I should point out that there are levels of dispositionality. At a high level of abstraction, talk about visualized tables is meant to capture facts like, “I am disposed to know how actual tables look”. At a lower level, talk about visualized tables is meant to capture direct mental facts like “my imaginary table A appears X percent larger than my imaginary table B”. Of course, we also have the low-level physical facts of my brain. As I earlier mentioned, the epistemic gap lies in trying to reconcile the low level physical and mental facts, even though we agree that they share high level functional facts.

            I think Frankish accepts that there are high level functional facts, and low level dispositional (or functional, to use your language) physical facts, but I think that he denies that there exist low-level mental dispositional facts (placing him in camp B). So, I read Frankish’s description of an inner mental life as referring to purely high-level descriptions, but of course that’s not what I had in mind.

            It might be argued that this is an uncharitable reading of Frankish (putting him in camp B), since it would appear to be too hardcore of an eliminativist position. But I think it’s actually more charitable than the alternative. That’s because if you don’t deny that there are low-level mental dispositional facts, then it seems like you have to acknowledge that there is an epistemic gap. This means that you have to be a non-reductive (in the epistemic sense) physicalist, which forces you to adopt a solution along the lines of the phenomenal concept strategy. But the whole point of the illusionist stance is to try to dissolve the hard problem of consciousness on its own, and so having to admit that you are also reliant on some other strategy sort of takes the teeth out of illusionism.

            Denying intrinsicality thus doesn’t get rid of the hard problem, it merely converts what we thought were low-level intrinsic facts into low-level dispositional facts. Yet at bottom those facts still need to be accounted for in our physicalist framework, and it seems like they can’t be.

            “The idea that once we’ve explained why we talk about something in our mind’s eye, that there remains something else to explain about our mind’s eye, requires, I think, more justification.”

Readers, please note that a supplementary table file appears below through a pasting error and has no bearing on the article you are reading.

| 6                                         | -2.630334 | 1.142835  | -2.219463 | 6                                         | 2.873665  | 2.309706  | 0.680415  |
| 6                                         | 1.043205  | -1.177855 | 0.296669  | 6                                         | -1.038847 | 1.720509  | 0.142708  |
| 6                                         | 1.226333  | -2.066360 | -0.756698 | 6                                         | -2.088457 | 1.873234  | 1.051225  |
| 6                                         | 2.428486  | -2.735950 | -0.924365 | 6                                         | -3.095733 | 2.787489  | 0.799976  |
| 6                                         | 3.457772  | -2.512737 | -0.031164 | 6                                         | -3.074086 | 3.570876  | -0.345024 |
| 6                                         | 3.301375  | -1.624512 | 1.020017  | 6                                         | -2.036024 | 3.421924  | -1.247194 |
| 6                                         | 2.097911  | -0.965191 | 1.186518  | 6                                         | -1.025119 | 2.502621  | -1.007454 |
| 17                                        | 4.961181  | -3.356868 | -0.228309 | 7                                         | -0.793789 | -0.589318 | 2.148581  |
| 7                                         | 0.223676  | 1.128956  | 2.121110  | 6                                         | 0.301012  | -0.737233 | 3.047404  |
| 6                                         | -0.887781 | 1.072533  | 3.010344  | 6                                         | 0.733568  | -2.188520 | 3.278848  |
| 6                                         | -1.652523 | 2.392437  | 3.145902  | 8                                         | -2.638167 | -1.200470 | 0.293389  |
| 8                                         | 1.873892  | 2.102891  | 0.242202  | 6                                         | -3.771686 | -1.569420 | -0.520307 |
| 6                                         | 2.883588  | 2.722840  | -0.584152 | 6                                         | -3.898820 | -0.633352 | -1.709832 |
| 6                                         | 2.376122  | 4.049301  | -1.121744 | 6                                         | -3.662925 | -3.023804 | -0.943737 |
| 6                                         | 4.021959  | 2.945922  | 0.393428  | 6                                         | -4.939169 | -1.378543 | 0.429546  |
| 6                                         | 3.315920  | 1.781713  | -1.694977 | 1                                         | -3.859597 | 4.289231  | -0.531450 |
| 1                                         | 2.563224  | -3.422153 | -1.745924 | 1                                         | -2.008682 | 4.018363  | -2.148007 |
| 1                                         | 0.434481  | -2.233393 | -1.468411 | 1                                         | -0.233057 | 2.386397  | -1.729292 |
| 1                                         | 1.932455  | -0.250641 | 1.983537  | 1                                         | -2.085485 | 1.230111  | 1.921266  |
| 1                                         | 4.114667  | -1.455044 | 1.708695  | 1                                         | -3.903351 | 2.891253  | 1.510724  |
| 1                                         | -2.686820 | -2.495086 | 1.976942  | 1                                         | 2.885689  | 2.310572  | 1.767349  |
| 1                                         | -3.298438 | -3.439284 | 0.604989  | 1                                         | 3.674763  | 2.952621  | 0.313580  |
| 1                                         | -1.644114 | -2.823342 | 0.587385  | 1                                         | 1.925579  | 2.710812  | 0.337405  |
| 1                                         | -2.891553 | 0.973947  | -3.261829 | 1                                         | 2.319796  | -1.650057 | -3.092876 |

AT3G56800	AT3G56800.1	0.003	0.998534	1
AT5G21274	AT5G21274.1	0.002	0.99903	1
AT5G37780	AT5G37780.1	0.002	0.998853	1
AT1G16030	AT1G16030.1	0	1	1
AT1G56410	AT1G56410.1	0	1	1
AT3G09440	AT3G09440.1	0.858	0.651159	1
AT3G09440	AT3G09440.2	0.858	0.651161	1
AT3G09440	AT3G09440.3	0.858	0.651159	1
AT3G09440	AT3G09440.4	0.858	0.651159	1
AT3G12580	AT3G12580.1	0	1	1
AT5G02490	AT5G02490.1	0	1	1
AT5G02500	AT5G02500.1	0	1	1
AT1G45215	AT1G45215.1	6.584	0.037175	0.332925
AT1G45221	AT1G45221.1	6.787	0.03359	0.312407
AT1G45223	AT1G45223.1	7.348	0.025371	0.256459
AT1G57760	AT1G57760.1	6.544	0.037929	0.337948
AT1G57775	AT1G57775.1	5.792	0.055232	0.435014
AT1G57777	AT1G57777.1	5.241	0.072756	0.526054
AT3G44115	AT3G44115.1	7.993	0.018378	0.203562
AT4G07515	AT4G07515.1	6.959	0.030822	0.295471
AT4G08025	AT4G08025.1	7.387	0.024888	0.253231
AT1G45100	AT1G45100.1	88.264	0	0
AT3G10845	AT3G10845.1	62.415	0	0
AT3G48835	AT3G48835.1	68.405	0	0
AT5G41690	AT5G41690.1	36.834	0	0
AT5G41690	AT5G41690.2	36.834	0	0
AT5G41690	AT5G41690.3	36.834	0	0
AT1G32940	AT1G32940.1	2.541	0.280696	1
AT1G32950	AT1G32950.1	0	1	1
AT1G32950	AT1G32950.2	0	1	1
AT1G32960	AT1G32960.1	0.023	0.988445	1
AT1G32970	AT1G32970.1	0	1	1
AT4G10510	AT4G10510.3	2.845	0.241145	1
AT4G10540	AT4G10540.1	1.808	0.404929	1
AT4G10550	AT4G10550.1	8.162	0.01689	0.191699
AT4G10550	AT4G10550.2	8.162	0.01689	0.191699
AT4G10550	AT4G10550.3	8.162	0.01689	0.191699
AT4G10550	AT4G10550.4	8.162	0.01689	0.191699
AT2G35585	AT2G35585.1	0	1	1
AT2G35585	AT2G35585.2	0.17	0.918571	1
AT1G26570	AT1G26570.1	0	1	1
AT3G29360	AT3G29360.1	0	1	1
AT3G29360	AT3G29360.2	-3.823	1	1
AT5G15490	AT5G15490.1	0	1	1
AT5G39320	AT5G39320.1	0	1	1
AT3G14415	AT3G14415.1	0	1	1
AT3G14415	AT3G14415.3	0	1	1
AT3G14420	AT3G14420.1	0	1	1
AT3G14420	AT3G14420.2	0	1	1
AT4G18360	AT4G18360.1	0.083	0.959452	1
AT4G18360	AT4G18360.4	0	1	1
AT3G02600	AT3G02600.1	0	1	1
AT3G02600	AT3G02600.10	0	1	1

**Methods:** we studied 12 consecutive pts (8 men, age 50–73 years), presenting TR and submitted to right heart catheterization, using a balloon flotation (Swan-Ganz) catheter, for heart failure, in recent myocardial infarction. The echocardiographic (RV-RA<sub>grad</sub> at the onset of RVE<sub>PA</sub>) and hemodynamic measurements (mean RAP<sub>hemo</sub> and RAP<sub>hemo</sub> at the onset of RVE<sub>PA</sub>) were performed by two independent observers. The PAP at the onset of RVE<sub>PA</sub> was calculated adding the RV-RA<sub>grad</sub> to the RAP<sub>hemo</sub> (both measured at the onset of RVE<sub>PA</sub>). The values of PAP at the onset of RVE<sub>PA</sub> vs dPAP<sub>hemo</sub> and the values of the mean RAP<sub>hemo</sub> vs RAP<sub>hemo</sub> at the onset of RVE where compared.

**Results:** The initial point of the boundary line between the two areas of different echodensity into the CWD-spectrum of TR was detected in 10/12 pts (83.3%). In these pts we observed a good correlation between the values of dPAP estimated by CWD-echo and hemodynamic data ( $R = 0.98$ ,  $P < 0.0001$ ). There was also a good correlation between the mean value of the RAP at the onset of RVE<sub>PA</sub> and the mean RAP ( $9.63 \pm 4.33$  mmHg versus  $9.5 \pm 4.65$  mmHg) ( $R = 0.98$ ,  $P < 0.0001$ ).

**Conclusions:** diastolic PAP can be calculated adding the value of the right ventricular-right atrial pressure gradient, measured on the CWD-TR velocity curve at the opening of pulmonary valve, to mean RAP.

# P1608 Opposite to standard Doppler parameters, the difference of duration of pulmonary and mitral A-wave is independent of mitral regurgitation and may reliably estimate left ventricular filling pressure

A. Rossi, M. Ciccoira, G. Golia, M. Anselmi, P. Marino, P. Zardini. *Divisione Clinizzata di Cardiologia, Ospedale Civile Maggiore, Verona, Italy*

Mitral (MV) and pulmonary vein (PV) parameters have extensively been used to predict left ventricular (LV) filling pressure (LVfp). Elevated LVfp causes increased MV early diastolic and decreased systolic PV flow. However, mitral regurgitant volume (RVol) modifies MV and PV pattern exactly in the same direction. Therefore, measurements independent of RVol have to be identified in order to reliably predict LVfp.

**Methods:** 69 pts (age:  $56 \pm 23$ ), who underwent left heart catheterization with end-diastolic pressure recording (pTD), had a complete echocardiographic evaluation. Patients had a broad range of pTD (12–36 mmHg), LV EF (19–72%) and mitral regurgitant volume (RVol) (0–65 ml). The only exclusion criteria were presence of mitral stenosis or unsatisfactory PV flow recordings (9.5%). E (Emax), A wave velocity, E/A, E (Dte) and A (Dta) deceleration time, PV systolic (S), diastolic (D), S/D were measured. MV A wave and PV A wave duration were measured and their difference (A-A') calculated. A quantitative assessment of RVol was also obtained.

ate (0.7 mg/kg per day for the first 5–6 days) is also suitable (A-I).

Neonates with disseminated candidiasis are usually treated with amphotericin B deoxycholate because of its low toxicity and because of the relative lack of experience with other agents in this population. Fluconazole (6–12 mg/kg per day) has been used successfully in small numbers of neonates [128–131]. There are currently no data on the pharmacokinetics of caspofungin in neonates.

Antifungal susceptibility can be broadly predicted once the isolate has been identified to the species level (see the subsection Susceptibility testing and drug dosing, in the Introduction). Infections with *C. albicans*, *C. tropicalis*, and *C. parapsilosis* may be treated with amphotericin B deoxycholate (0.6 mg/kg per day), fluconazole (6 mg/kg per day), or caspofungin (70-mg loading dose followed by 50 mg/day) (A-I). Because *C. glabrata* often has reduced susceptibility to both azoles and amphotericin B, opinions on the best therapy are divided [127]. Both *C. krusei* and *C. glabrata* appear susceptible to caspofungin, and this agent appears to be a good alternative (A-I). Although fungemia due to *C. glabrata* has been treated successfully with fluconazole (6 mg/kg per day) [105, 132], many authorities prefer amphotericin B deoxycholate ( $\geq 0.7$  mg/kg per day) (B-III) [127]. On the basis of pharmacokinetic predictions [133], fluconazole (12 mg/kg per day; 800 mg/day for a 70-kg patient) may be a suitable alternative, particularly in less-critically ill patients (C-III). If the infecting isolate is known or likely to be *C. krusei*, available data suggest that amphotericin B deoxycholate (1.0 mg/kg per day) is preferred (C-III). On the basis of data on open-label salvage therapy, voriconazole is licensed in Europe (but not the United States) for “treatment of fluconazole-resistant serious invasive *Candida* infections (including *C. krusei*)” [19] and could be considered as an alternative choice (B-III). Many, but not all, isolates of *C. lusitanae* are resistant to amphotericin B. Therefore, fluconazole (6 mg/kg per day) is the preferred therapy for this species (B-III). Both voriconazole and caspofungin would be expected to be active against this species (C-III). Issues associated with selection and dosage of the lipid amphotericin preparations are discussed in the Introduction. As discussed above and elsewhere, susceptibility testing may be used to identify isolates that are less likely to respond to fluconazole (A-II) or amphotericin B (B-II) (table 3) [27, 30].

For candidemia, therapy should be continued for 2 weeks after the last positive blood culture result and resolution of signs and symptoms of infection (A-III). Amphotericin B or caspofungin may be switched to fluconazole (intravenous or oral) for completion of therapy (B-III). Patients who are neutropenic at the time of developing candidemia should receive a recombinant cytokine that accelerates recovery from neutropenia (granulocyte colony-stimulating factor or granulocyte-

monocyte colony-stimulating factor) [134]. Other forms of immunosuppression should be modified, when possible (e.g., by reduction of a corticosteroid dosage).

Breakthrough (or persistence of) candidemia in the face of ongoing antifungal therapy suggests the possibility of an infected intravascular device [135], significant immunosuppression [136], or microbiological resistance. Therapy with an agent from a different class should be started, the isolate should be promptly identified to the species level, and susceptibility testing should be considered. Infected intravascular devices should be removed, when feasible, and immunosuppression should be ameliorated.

Sure, but note that this is just to say that we don’t need to be able to account for the low-level mental facts (only the physical facts about how we talk about this stuff) so it’s still eliminativist.

            In any case, even if Frankish does actually at heart believe that low-level dispositional mental facts are true, I maintain that this is simply contradictory to his illusionist stance.


          6. Hi Alex,
            I’m very much enjoying our conversations. Hope you are too. It seems like we’re stress testing each other’s positions, which is the best kind of conversations on these types of subjects to have.

            Sorry, I should have linked to the post on the phenomenal concept strategy. Just in case you’re interested and haven’t fished it out already:
            (Note that my use of “phenomenal” and “qualia” in this post should be understood in a weak / functional sense.)

            “Everything that we know about the brain tells us that certain mental facts won’t be included in descriptions of those brain states (like dispositional facts about visualizations)”

            Could you elaborate on this statement, particularly the example? It seems like dispositions are exactly what can be included in such descriptions. The resistance I usually see is from people who insist there is something more there than the dispositions.

            On A) and B), I do very much think Frankish believes A. (I know I do.) I think it pays to remember he’s a functionalist. If you’re assuming he’s denying something required by that functionality, then you’re likely not getting his view right. What he denies are the non-functional aspects.

            The discussion about levels of disposition seems to imply that you see mental dispositions as ontologically separate from the physical ones. (Which fits with a non-physical view.) But I see no reason to assume that since they’re both causal in nature. If you mean Frankish denies that there are mental dispositions ontologically separate from physical ones, then yes, both he and I would deny that. But I don’t see B entailed by that denial.

            Remember, Frankish is an illusionist. So he believes that the illusion of (strong) phenomenality exists, what many weak illusionists / realists would just call “phenomenality” but using that word in a deflated sense. That illusion / weak phenomenality seems sufficient to avoid B. Unless by “being experienced” you exclusively mean in a strong phenomenal sense, since that’s what Frankish is denying.


          7. I’m glad you are enjoying the conversation Mike; I feel the same way. Thanks for the link.

            About Frankish, I agree that he’s a functionalist “all the way down”, but I think it’s a little tricky how to parse this. Notice that my interpretation of his brand of illusionism isn’t actually incompatible with such a reductionist view, since I grant that he thinks there are both high-level and low-level (physical) dispositional/functional facts.